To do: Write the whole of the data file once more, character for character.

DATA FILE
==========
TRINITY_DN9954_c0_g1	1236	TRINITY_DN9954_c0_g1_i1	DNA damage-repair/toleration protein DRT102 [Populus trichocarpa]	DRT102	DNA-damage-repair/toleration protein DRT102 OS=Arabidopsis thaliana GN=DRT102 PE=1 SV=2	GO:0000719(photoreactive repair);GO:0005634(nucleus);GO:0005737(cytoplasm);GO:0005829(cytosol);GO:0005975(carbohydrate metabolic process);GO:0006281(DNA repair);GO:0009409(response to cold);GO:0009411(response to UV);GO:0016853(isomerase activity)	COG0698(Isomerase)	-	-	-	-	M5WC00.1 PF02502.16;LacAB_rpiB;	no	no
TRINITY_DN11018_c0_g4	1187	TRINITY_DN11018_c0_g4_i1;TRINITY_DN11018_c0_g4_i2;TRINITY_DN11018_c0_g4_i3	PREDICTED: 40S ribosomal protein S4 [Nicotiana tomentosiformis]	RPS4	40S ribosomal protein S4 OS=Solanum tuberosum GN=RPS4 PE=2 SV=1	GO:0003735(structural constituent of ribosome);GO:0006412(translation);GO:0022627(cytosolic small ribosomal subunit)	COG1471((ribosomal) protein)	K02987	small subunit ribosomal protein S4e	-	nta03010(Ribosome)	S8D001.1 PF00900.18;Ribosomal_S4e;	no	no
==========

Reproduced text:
TRINITY_DN9954_c0_g1	1236	TRINITY_DN9954_c0_g1_i1	DNA damage-repair/toleration protein DRT102 [Populus trichocarpa]	DRT102	DNA-damage-repair/toleration protein DRT102 OS=Arabidopsis thaliana GN=DRT102 PE=1 SV=2	GO:0000719(photoreactive repair);GO:0005634(nucleus);GO:0005737(cytoplasm);GO:0005829(cytosol);GO:0005975(carbohydrate metabolic process);GO:0006281(DNA repair);GO:0009409(response to cold);GO:0009411(response to UV);GO:0016853(isomerase activity)	COG0698(Isomerase)	-	-	-	-	M5WC00.1 PF02502.16;LacAB_rpiB;	no	no
TRINITY_DN11018_c0_g4	1187	TRINITY_DN11018_c0_g4_i1;TRINITY_DN11018_c0_g4_i2;TRINITY_DN11018_c0_g4_i3	PREDICTED: 40S ribosomal protein S4 [Nicotiana tomentosiformis]	RPS4	40S ribosomal protein S4 OS=Solanum tuberosum GN=RPS4 PE=2 SV=1	GO:0003735(structural constituent of ribosome);GO:0006412(translation);GO:0022627(cytosolic small ribosomal subunit)	COG1471((ribosomal) protein)	K02987	small subunit ribosomal protein S4e	-	nta03010(Ribosome)	S8D001.1 PF00900.18;Ribosomal_S4e;	no	no